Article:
Wednesday 8 March 2017

Currents in Biblical Research 15, 2 (February 2017)

The latest Currents in Biblical Research recently arrived, with titles and abstracts of the main articles as below.

Andrew M. Mbuvi
African Biblical Studies: An Introduction to an Emerging Discipline
African Biblical Studies (ABS) can be characterized both as innovative and reactionary: Innovative, because it refuses to be confined by the methodologies, ancient concerns, and principles that govern biblical studies in the ‘west’ (used throughout this article to refer to the majority Euro-American scholars while recognizing the presence of other groups), and instead charts a course that is more interested in making biblical interpretation relevant to present realities. Reactionary, because its driving force is partly a critique of the inadequacy of western biblical studies in providing meaningful responses to concerns that are pertinent to African communities. A genuine ABS is therefore an amalgamation of multiple interpretive methods, approaches and foci that reflect a creative engagement of the African cosmological reality and the Bible.

Kelly J. Murphy
Judges in Recent Research
The book of Judges continues to inspire research and interpretation, from an ongoing focus on traditional research methods such as historical criticism and redaction criticism, to newer approaches like cultural criticism and postcolonial readings. This article surveys recent research on the book of Judges since 2003 by separating the discussion into two sections: the first section traces current research on the overall book of Judges as well as specific characters and/or passages, while the second section notes two growing areas of research; namely, reception history and gender studies.

Nicholas G. Piotrowski
The Concept of Exile in Late Second Temple Judaism: A Review of Recent Scholarship
Before Wright published the first two volumes of his Christian Origins and the Question of God series (1992; 1996) the discussion concerning late Second Temple Jewish concepts of exile was a quiet one. Since then, however, more and more scholars have begun to weigh in. Champions of the theory contend that Second Temple texts convey a matrix of concerns that together demonstrate a Jewish consciousness of being in a state of ongoing exile, notwithstanding the residency in the land of a significant population and a functioning temple. Dissenters argue that these scholars are illegitimately privileging one motif within a highly complex ancient religion, and assigning it a metanarrative role it never truly had. Others contend that ‘ongoing’ exile is too narrow of a description to account for the diversity of attitudes across several sects. Only recently, though, have major works been produced that thoroughly examine the primary texts in question. In the process, a growing chorus of voices is supporting, with various levels of enthusiasm, the thesis that a significant number of late Second Temple Jewish groups indeed understood themselves to be languishing in some form of exile: ongoing exile since the sixth century bce, in the throes of recurring cycles of exile, or a set of historic realities characterized with exilic metaphors.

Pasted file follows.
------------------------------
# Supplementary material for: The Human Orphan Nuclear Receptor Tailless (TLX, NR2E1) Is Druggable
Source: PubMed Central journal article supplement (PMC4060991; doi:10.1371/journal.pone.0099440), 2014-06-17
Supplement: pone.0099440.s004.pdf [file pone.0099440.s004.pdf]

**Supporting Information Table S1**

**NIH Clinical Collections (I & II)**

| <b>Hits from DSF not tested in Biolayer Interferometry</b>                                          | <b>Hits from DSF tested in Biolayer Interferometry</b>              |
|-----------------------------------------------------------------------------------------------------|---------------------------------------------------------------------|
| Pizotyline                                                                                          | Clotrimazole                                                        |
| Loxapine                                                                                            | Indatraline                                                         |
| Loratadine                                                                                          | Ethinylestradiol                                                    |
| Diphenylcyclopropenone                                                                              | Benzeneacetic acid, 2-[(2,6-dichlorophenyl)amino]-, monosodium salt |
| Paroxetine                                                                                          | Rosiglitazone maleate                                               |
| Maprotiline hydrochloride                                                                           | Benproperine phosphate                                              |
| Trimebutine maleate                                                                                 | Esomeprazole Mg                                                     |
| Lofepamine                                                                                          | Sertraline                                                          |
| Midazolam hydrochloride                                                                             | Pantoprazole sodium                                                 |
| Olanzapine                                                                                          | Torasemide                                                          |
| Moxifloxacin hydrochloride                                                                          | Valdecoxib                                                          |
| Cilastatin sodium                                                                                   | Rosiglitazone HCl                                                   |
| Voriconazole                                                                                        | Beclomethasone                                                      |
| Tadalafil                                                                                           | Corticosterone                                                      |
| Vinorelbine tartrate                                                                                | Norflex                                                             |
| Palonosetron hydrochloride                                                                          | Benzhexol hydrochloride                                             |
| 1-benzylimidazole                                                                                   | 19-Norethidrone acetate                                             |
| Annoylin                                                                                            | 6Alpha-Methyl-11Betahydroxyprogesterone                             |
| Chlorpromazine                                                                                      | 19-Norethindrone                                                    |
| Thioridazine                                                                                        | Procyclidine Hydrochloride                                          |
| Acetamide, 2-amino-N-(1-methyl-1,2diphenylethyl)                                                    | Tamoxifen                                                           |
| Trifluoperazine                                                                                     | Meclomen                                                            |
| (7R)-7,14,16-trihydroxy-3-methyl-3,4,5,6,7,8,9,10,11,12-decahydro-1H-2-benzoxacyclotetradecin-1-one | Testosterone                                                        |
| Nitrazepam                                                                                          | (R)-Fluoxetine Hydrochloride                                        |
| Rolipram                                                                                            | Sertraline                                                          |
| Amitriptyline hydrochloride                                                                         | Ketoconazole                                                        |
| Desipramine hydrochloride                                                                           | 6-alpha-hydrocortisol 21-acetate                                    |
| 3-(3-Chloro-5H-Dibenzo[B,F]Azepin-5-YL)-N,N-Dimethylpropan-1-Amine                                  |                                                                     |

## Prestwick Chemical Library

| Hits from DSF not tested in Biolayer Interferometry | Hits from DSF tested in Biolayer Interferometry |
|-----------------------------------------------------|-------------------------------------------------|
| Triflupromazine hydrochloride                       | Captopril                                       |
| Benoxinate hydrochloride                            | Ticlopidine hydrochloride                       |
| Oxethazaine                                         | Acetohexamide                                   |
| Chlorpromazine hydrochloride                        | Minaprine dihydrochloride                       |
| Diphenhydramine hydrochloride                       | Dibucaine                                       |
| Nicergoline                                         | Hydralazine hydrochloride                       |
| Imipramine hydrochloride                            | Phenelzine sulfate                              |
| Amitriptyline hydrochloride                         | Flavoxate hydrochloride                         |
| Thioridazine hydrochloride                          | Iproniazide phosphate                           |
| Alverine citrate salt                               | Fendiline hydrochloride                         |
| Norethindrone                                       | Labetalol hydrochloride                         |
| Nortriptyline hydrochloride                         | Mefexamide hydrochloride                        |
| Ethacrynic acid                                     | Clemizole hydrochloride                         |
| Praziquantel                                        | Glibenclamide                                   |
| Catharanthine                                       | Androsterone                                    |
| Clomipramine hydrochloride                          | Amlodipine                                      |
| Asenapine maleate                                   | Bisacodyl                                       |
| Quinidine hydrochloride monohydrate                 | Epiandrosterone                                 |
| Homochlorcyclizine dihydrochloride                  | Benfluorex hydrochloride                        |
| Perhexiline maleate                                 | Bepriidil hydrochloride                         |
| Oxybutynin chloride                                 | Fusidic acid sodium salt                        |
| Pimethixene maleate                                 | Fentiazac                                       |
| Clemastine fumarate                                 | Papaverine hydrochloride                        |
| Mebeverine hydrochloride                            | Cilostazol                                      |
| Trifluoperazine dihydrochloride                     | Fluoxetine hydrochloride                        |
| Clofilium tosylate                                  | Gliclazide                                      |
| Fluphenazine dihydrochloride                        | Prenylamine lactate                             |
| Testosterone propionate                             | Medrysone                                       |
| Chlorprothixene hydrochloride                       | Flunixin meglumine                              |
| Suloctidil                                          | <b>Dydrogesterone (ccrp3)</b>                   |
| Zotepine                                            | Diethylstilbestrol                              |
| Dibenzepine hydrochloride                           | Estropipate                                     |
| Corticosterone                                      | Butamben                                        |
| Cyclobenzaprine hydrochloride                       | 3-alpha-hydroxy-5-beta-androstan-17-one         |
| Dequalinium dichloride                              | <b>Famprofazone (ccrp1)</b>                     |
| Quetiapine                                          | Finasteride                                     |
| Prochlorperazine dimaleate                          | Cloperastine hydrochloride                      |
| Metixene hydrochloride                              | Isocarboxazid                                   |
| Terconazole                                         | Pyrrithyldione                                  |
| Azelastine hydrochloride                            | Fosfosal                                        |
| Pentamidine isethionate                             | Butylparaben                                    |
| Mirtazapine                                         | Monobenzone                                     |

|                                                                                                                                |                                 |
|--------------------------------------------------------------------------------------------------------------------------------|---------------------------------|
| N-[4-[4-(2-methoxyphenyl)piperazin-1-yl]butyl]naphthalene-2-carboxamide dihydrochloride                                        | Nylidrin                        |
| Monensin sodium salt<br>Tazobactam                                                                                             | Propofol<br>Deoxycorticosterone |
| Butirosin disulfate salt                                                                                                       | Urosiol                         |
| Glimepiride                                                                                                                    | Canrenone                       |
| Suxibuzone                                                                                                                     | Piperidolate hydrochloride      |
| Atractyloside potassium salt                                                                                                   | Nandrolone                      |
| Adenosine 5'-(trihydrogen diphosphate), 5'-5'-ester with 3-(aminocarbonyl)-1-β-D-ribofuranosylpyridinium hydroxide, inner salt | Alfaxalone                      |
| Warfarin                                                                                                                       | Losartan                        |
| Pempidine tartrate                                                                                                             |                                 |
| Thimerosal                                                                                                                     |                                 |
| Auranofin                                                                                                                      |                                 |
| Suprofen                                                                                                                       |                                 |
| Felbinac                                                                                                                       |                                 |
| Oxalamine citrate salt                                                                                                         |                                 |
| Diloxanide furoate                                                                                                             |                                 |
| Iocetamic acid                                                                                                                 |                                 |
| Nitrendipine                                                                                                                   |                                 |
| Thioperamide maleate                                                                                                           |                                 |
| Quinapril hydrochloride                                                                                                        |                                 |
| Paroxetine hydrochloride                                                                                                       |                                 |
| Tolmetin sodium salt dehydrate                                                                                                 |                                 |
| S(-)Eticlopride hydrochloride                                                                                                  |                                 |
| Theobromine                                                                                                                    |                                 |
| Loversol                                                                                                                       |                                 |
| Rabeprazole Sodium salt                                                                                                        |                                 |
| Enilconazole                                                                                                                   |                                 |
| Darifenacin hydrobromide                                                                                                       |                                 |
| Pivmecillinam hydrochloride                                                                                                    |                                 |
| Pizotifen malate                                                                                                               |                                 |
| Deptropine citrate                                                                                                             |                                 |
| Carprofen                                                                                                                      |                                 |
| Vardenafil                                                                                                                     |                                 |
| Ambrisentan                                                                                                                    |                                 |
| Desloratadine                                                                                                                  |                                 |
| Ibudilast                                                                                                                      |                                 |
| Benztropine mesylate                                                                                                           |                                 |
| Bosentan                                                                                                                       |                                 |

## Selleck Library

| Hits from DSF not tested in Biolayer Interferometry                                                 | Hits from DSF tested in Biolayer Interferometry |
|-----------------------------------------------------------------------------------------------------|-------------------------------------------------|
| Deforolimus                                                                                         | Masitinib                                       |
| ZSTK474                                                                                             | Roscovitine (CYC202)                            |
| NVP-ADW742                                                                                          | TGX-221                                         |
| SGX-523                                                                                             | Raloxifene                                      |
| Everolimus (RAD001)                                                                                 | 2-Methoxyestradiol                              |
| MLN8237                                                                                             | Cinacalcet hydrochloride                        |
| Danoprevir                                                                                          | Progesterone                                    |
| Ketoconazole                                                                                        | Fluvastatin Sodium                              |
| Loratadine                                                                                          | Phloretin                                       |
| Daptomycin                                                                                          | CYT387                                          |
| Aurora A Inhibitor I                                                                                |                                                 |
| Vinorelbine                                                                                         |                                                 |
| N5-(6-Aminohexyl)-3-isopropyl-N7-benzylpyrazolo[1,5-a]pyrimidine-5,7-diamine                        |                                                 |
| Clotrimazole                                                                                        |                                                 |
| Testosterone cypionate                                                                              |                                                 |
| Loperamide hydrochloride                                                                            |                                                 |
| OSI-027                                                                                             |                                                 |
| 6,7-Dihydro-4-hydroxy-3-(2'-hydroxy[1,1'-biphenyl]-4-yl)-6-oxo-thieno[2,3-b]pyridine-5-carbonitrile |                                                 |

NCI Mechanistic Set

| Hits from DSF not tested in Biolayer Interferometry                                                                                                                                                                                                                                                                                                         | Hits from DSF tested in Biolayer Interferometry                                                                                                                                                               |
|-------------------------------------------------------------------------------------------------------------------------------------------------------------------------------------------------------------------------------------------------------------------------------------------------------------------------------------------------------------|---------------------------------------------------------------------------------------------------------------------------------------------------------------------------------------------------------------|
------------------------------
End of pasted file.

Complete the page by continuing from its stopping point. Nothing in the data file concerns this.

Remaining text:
Joshua Coutts
‘My Father’s Name’: A Survey of Research on the Use of Onoma with Respect to the Father in the Fourth Gospel
This essay provides a survey of research for one distinctive feature of the Fourth Gospel, namely, the striking emphasis on ‘name’ (onoma) language used with reference to the Father. The small existing body of research on John’s divine name concept may be situated in the context of a resurgent interest in the question of ‘God’ in the Fourth Gospel, and alongside broader New Testament research focused on the application of ‘kyrios’ to Jesus or on the divine functions attributed to Jesus’ own name. The research that has focused on John’s use of the divine name may be divided into two groups: there are attempts to identify the background to John’s name concept, including proposals for a Jewish hypostatic name concept, targumic tradition or the text of Isaiah; and studies which analyse John’s name language have sought to locate its meaning within the context of the Gospel itself.

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